Uses: Quince has a long history of cultivation in the Middle East, where it is native, and throughout the Mediterranean region. Greeks and Romans grew the quince for its fragrant fruit and attractive pink flowers. It has had many ethnobotanical medicinal uses (see Duke databases). At the turn of the 20th century almost every rural family had a fruiting quince tree for cooking and jelly making – quince jelly is a rich, pink color – and adding to apple cider. Quince fruits are probably the “golden apples” of Greek mythology; a symbol of fertility (given at weddings). More important as rootstocks than as fruiting plants, quince is the primary dwarfing rootstock used for pear. The flesh is dry and mealy and is usually cooked or made into jam and jelly, although some cultivars (like ‘Aromatnaya’) have a pineapple flavor and can be eaten fresh if fully ripened. Quinces have long been used as herbal medicines, as an infusion to treat sore throat, diarrhea, and hemorrhage of the bowel. It is effective against inflammation of the mucous membranes, intestines and stomach. They are also used in the cosmetic industry and for medicinal cosmetics. Long used in Chinese medicine, the stembark is used as an astringent for ulcers, and the fruits used for their antivinous (treats addiction to alcohol), astringent, carminative and peptic qualities. The seeds, soaked or boiled in water, release a jelly-like mucilage from the seed coat, which has been used for sore throats and eye lotions. The fruits are so fragrant that a single fruit can fill a room with its rich fruity scent; indeed, quinces were once popular as room deodorizers (Agroforestry News).

Cultivars:

  • Raintree Nursery (www.RaintreeNursery.com) offers several cultivars:
  • ‘Aromatnaya’ – pineapple-like flavor from Black Sea region of Russia; sweet enough to eat fresh
  • ‘Seker Gevrek’ – sweet and crispy from Turkey
  • ‘Portugal’ – large pear-shaped old European variety; becomes deep crimson when cooked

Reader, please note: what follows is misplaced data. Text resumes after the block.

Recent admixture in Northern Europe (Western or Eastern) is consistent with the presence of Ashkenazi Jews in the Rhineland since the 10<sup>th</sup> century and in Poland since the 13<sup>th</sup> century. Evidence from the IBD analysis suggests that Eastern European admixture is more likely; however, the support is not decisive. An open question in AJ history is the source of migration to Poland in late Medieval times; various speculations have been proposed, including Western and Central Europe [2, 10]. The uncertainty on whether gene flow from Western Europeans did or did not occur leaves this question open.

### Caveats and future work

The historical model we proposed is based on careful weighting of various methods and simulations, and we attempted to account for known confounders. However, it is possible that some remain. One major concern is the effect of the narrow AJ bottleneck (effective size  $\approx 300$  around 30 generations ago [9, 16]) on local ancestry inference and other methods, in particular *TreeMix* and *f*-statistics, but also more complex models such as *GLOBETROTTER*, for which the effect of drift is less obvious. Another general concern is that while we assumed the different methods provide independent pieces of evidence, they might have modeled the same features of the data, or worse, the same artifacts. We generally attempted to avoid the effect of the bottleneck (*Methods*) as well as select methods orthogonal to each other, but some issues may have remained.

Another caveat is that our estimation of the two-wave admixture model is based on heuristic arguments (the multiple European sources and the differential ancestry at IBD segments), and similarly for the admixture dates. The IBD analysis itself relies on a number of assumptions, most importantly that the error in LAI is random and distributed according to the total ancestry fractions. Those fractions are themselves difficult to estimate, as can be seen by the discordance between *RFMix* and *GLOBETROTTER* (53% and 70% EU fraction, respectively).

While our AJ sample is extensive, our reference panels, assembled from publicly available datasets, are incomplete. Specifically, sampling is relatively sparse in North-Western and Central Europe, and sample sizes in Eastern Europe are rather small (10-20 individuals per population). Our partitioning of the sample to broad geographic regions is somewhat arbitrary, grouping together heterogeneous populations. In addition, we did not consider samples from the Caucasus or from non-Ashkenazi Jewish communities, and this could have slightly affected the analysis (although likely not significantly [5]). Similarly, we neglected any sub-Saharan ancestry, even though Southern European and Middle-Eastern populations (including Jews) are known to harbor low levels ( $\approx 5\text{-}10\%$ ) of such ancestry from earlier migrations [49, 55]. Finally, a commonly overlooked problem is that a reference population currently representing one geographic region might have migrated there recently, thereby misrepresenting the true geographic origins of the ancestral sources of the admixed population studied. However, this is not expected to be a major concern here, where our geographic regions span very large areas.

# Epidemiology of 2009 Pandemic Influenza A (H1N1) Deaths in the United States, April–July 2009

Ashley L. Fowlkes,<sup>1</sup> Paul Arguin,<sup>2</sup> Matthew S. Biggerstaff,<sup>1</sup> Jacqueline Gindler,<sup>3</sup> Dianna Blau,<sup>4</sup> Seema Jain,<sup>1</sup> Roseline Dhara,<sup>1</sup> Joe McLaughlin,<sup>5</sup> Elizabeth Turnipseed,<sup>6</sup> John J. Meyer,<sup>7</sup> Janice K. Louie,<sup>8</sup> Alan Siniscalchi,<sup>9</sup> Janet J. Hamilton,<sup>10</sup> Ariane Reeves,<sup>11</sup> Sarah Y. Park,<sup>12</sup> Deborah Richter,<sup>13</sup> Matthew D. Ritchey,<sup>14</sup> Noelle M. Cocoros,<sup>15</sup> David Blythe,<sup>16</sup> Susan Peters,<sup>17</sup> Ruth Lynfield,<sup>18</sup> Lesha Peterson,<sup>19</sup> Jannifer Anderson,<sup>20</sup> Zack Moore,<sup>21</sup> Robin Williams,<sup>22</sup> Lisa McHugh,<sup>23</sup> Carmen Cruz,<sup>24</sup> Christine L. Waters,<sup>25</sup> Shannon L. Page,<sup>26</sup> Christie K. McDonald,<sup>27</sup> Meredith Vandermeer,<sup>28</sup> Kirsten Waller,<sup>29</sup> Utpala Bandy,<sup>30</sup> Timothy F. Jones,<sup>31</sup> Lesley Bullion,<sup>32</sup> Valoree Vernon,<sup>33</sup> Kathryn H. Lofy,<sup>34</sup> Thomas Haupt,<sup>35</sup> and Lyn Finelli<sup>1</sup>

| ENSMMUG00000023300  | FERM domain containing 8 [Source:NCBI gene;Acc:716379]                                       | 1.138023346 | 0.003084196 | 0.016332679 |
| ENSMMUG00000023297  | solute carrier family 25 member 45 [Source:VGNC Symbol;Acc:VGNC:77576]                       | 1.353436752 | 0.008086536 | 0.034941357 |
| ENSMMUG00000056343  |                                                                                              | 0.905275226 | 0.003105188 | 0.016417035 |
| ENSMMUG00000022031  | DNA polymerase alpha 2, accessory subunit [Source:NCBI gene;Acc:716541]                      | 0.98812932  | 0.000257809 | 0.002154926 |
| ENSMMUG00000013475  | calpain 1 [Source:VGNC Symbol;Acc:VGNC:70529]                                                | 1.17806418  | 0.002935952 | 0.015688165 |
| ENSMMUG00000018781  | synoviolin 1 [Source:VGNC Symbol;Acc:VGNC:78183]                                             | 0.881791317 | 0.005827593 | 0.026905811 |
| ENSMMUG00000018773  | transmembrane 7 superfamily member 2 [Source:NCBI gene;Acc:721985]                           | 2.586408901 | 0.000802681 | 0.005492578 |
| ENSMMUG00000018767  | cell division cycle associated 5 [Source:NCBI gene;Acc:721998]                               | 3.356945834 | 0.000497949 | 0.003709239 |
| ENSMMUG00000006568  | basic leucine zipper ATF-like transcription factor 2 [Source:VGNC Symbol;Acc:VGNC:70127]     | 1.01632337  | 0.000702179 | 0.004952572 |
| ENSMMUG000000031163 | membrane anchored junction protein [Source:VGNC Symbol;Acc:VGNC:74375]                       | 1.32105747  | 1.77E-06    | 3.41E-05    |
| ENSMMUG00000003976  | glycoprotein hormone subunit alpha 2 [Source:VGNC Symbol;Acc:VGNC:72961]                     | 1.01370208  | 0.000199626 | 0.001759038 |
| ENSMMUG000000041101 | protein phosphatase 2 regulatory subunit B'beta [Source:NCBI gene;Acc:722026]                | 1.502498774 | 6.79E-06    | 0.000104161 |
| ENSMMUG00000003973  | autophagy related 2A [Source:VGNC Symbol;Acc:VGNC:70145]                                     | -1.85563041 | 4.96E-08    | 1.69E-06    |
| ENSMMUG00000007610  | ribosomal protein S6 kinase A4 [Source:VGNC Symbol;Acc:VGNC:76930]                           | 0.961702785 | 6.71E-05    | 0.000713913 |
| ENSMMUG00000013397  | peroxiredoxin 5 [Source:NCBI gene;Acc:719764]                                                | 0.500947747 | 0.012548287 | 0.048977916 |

• ‘Karp’s Sweet’ – uniquely sweet, juicy and non-astringent variety from Peru
  • ‘Smyrna’ – reliably productive, self-fertile tree from Turkey; mild flavor
  • ‘Van Deman’ – very large with spicy flavor; heavy bearing
  • ‘Limon’ – new lemon-shaped cultivar with lemon fragrance prized in the markets of Turkey; medium sized fruit
  • One Green World (www.onegreenworld.com) also offers:
  • ‘Orange’ – classic variety with light-orange flesh
  • ‘Crimea’ – pineapple-like flavor and citrus-like fragrance
  • ‘Kaunching’ – grapefruit-size fruit, sweet enough to eat fresh
  • ‘Kuganskaya’ – bountiful crops of large, round sweet and mild fruits
  • ‘Mellow’ – more dwarfing than most quince; very tender fruit

Available from:

Sources consulted:


 

Capsicum annuum ‘Fish’

(‘Fish’ chile pepper)
(syns. of C. annuum are numerous)

  • One variety of the 2016 Herb of the Year
  • C. annuum is native to the warmer portions of the Americas; naturalized elsewhere and widely cultivated. ‘Fish’ is a mutation of a common serrano pepper and probably originated on the east coast of the United States in the 1870s; by 1900 ‘Fish’ was extensively grown by the African-American community around Philadelphia and Baltimore (Tradewinds).
  • Annual; to 2 feet; hardy in Zone 10
  • Prefers full sun; fertile, moist loam
  • Foliage is a distinctively mottled green and white. The 2–3” curving pendant fruits turn from white with green stripes to orange with brown stripes to red, packing considerable heat and full-bodied flavor that especially enhances shellfish. The fruits can look a little like swimming fish.
  • Propagate from seed (80 days). Eliminate any offspring that don’t show the variegation if you are saving seed. ‘Fish’ crosses readily with other peppers, requiring greater populations and more isolation than most others to remain pure.

Family: Solanaceae

Uses: There are many traditional medicinal uses of C. annuum ranging from aphrodisiac to styptic (Duke databases). Native Americans used C. annuum for food in winter; to flavor food; to treat colds; as a poultice applied to feet for “nervous or low fevers” and gangrene; for colic; as a powerful stimulant; to wean a nursing child; to flavor meat and as a delicacy; to flavor stews; for trade (Moerman database). It is quite similar to cayenne peppers in terms of heat, making it perfect for salads and snacks. Its flavor gets milder during cooking (Gurney’s) This African-American heirloom pepper is said to have come into use sometime just after the Civil War, but many believe it is far older originating with the slave trade (Sustainable Seeds). ‘Fish’ is a pre-1947 variety that was used in fish and shellfish cookery (Baker Creek).  

Available from:

Sources consulted:

Online nurseries listed above as sources of seeds


 

2014 Promising Plants

Promising Plants List 2014 (pdf)

2013 Promising Plants

Asclepias variegata L. (pdf)

Artemisia arborescens (Vaill.) L. (pdf)

Berlandiera lyrata Benth. (pdf)

Citrus hystrix DC. (pdf)

Cryptotaenia japonica Hassk.(pdf)

Cryptotaenia japonica f. atropurpurea (pdf)

Cuphea hyssopifolia Kunth (pdf)

Gentiana tibetica King ex Hook. f. (pdf)

Hibiscus sabdariffa L.(pdf)

Lavandula x intermedia 'Phenominala' (pdf)

Lavandula angustifolia 'Thumbelina Leigh' (pdf)

Lycium barbarum 'Phoenix Tears' (pdf)

Mentha aquatica var. citrata - Stewart Smith (pdf)

Mespilus germanica 'Marron'(pdf)

Nigella sativa (pdf)

Rosemary officinalis 'Fota Blue' (pdf)

Rosemary officinalis L. var. albiflorus 'Lady in White'

Rosmarinus officinalis 'Baby P.J.' (pdf)